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Takeaways from Nairobi climate talks ahead of COP28


In a break from the norm, something good happened this week. African leaders committed to scaling up clean, affordable energy in the next six years to deliver reliable, affordable, pollution-free energy to millions of people. 

Good news like this is a much-needed respite from the news of floods, droughts, heat waves and storms from around the world. 

We all know why these disasters are happening. The facts have been clear for years.

For the last decade, I’ve been one of the scientists contributing to the work of the UN’s Intergovernmental Panel on Climate Change, assessing the latest science on climate change.

Rising temperatures and increasingly extreme weather are the result of climate change caused by humans, and the unsustainable use of fossil fuels. 

But Africans don’t need to look at scientific papers to see the impact of the world’s addiction to fossil fuels. It’s happening in front of our eyes. All of us notice days getting hotter and storms getting stronger. The drought in the Horn of Africa has resulted in acute food insecurity for more than four million people. This weather increases the demand for already scarce electricity for air conditioning and refrigeration.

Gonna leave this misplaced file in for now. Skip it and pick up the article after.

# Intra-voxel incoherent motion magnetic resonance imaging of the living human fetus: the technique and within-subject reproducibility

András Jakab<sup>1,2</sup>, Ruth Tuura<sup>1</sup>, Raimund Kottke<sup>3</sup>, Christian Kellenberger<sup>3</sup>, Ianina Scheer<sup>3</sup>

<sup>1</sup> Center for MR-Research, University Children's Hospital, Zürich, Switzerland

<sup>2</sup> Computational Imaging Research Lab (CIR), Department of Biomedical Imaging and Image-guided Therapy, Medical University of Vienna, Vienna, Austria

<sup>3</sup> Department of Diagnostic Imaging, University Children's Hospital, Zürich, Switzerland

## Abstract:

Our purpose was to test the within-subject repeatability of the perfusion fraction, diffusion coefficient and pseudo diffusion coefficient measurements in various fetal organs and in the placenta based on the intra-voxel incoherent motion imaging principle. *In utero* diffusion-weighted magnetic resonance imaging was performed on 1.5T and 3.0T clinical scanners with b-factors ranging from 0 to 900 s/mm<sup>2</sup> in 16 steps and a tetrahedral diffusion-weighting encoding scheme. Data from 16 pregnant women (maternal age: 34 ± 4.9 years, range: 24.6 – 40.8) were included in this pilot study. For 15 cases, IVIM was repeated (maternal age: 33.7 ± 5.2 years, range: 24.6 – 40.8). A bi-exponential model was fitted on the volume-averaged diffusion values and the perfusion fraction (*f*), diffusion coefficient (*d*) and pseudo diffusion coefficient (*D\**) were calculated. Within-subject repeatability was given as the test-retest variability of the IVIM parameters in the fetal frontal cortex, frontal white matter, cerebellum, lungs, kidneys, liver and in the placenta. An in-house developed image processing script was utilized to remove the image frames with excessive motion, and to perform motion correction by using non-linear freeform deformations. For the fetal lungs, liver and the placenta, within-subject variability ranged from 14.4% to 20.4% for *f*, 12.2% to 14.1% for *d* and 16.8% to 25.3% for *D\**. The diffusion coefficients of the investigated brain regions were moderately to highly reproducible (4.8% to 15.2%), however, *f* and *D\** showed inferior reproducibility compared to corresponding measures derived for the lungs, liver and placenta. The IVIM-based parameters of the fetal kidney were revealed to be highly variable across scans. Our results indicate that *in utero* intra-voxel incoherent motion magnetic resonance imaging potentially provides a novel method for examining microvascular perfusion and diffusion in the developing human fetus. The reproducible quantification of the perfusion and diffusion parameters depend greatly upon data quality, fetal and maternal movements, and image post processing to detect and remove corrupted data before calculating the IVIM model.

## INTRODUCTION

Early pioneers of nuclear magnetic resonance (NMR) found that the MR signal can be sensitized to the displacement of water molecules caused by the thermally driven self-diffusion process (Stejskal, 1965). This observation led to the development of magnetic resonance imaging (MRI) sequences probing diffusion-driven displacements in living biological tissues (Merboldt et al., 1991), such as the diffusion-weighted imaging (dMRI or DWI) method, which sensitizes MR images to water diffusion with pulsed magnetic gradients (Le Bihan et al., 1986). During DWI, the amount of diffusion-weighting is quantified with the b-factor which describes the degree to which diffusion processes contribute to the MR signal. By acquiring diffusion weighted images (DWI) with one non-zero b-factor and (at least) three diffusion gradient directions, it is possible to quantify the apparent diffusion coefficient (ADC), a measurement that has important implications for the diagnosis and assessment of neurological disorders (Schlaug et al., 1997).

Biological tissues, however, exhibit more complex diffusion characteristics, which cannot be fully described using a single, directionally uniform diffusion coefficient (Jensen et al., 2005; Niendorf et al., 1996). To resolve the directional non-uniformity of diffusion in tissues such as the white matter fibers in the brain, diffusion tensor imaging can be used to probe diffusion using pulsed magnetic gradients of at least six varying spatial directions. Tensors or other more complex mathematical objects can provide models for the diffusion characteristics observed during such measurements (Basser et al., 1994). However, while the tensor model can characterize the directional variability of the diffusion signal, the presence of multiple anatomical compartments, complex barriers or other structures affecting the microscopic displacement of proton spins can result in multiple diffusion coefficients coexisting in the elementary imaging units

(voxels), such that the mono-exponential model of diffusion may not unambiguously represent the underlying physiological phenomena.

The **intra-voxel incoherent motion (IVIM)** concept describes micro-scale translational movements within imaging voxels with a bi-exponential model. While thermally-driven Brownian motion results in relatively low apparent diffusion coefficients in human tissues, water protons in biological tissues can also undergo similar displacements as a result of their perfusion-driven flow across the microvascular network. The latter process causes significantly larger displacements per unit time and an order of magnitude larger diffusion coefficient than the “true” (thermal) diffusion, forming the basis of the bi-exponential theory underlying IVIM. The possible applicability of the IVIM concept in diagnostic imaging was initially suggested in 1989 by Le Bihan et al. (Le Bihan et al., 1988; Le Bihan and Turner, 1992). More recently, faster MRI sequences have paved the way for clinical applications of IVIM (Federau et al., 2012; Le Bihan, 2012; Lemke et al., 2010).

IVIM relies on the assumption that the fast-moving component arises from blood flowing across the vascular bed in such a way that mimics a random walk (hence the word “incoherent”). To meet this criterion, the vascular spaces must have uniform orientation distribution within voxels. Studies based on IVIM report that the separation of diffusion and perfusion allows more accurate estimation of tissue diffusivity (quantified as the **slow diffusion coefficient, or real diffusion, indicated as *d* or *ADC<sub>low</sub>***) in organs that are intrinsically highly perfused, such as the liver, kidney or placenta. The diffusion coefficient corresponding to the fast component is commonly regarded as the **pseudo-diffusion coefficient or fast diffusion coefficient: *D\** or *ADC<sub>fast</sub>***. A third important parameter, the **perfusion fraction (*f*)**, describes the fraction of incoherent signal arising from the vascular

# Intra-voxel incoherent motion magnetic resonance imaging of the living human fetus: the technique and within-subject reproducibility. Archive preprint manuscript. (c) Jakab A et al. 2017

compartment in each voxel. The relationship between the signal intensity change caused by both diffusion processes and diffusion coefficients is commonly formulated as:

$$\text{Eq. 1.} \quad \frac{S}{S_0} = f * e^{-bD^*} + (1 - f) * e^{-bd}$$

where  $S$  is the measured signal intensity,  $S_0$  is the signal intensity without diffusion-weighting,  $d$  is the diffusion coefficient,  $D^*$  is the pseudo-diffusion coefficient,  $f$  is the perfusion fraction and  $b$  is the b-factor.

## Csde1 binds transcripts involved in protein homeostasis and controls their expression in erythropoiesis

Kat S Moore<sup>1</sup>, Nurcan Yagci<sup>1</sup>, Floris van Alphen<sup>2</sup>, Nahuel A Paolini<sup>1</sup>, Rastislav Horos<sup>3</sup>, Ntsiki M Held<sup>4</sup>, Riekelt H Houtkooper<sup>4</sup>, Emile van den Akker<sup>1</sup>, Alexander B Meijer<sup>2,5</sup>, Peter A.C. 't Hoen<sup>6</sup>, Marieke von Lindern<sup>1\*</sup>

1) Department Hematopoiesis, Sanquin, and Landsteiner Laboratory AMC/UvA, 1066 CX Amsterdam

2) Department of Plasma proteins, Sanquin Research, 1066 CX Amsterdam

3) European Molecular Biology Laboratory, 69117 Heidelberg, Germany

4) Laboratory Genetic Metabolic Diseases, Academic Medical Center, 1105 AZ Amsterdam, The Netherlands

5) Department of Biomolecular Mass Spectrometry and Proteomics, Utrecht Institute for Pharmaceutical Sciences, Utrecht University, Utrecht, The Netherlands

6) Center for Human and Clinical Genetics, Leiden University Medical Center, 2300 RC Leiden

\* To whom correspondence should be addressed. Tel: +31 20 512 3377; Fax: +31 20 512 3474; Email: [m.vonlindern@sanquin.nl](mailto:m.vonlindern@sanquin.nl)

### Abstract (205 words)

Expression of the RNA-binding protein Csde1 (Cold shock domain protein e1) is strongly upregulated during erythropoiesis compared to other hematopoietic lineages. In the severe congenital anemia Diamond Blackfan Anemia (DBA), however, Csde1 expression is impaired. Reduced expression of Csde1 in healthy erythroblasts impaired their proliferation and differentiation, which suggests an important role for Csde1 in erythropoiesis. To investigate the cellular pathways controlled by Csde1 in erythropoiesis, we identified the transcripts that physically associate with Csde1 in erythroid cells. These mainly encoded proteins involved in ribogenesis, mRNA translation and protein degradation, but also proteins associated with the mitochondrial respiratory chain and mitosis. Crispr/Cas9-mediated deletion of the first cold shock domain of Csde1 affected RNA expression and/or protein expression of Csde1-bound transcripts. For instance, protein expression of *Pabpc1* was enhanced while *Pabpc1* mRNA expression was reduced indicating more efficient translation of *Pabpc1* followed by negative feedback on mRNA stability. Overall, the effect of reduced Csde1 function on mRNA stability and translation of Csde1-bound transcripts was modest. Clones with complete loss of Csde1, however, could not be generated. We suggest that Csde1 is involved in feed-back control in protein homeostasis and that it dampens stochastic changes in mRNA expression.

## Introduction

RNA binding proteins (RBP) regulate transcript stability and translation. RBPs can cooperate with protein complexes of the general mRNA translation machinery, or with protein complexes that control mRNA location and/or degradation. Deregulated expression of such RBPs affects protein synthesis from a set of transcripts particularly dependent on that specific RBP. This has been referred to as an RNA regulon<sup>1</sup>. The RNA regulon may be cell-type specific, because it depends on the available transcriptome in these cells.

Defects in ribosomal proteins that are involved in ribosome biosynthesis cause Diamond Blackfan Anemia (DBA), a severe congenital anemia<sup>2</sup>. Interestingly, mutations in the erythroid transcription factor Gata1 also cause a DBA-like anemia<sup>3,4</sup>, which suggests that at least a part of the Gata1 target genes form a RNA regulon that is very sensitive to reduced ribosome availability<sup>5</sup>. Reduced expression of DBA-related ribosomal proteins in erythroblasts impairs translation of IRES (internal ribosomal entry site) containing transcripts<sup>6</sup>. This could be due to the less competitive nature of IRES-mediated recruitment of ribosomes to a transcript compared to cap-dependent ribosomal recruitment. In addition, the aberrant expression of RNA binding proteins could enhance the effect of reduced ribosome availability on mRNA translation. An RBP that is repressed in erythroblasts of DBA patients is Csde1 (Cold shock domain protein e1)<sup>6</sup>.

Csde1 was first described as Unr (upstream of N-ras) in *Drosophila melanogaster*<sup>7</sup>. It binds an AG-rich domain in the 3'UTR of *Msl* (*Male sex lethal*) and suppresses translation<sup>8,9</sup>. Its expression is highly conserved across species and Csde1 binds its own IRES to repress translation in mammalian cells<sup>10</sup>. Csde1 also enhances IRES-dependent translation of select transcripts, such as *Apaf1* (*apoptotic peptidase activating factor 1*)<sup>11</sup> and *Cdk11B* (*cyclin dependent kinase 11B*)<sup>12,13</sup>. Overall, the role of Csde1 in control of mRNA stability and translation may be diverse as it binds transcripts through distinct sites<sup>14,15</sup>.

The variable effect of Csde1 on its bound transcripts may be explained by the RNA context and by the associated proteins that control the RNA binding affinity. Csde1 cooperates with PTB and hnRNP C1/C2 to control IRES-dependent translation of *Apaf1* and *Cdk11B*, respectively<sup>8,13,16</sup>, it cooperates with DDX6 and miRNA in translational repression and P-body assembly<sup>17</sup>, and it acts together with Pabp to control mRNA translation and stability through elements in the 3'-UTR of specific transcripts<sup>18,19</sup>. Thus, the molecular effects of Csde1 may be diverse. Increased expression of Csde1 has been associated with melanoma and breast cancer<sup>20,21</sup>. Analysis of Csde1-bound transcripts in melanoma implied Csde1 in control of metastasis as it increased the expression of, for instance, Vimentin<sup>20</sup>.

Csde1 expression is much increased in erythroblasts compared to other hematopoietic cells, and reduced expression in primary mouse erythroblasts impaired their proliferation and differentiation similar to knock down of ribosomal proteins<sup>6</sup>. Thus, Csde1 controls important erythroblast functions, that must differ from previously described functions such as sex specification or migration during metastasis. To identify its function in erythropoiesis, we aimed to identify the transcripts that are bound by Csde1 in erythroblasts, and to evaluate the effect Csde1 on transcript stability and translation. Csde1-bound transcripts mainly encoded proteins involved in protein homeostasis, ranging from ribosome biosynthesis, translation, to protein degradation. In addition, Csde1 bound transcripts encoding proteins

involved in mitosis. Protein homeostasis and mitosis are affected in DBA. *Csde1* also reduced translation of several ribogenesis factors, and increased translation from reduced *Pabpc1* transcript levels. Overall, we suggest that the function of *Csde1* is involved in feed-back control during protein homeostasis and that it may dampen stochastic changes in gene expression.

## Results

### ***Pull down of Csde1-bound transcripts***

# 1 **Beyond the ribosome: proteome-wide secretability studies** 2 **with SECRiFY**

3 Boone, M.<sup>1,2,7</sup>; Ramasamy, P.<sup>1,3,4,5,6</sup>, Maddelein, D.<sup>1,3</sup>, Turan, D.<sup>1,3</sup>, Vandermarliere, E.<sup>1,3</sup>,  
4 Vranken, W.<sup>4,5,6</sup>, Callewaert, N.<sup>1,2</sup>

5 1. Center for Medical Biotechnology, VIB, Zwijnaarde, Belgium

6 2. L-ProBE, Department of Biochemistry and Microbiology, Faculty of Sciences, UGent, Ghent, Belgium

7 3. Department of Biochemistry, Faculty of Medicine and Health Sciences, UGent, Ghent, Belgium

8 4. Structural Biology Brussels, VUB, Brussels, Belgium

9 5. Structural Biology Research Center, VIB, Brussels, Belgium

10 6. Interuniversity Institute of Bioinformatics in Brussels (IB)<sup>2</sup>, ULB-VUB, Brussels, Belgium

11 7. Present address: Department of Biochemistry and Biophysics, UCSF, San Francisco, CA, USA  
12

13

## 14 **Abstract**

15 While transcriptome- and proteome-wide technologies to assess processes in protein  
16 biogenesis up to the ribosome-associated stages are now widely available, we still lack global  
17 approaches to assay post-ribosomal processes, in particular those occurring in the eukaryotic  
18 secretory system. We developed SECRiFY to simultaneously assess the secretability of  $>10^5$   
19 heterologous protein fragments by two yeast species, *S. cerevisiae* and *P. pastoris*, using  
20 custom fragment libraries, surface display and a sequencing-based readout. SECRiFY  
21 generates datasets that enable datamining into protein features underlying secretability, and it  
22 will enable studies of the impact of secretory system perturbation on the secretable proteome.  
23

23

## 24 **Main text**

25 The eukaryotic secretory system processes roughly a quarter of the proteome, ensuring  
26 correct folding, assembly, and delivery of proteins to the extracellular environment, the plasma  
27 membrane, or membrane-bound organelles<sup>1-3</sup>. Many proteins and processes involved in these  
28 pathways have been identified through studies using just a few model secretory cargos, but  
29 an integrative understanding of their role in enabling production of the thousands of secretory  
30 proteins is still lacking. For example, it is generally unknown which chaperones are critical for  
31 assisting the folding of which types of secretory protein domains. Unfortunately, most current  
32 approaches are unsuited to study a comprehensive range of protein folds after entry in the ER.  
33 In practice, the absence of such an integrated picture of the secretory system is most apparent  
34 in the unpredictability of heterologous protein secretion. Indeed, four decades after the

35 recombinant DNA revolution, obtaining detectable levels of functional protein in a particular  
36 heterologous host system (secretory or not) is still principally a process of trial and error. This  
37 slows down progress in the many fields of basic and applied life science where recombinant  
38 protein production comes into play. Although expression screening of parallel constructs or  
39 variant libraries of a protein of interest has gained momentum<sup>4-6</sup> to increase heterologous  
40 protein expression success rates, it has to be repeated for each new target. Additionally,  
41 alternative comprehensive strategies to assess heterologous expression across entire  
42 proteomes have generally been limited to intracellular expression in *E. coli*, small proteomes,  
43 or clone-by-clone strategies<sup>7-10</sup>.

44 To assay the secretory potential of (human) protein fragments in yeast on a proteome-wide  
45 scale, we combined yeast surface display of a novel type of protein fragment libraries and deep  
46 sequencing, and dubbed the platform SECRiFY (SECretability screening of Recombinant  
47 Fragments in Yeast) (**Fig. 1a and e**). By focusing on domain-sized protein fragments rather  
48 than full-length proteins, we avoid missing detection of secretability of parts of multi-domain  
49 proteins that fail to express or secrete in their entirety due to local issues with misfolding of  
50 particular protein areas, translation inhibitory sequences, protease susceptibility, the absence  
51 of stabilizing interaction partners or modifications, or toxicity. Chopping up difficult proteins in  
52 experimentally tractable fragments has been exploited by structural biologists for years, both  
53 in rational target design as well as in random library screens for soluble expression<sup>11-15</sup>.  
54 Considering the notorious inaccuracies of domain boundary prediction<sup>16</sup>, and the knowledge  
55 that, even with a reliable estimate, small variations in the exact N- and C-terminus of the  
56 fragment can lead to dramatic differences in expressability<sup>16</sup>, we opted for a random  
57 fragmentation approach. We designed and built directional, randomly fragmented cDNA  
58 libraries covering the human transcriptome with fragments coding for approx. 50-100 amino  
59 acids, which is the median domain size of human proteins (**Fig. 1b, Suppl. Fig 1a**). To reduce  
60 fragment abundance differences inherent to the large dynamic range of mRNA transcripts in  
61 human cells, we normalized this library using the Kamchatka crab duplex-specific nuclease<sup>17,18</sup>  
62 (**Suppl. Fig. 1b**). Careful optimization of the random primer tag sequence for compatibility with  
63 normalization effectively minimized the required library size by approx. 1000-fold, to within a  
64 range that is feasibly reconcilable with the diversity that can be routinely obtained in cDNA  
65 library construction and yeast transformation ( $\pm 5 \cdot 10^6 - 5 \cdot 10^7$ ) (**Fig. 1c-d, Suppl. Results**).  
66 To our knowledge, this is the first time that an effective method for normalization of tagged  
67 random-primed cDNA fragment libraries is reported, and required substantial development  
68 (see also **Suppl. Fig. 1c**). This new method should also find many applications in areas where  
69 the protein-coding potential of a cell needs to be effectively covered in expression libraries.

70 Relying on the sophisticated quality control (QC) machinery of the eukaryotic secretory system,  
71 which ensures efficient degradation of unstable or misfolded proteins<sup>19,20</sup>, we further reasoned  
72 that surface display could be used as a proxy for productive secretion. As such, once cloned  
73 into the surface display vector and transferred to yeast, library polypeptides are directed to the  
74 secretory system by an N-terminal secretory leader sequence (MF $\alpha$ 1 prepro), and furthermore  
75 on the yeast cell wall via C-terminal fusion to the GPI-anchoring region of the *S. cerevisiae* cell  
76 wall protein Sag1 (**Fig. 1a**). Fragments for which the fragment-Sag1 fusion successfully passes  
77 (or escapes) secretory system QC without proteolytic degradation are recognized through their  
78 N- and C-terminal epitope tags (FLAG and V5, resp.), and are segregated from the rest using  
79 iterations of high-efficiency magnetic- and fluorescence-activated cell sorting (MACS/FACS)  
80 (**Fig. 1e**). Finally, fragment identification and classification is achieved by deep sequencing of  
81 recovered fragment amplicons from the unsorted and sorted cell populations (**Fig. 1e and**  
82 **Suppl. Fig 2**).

In South Africa, we deal with hours of rolling blackouts - load shedding - and deadly air pollution because of our continued reliance on ageing coal-fired power stations. The impact is devastating: the loss of hundreds of thousands of jobs, and undermining the health of the poorest and most vulnerable. 

Globally, millions of us are harmed by fossil fuels. It’s why I’ve negotiated on behalf of South Africa at UN climate summits to help us adapt to the impacts of climate change, and it’s why I’ve worked for almost two decades to help make Durban more resilient to its impact. I know that the surest form of adaptation is stopping the use of fossil fuels.

African leaders reached an agreement on the Nairobi Declaration at the recent inaugural African Climate Summit. They set a trajectory to increase Africa’s renewable energy capacity by the end of the decade.

That sets a precedent and may well help set the world on the path to secure, clean energy. 

Those leaders know renewables are already working for Africa. In Kenya, renewable energy sources now generate over 80 per cent of its electricity. Wind and solar are the cheapest way to produce electricity in four out of five countries. Solar energy is helping women in business. Clean energy can give us reliable power and help end load shedding.

The writer is the Head of the Sustainable and Resilient City Initiatives Unit in Durban

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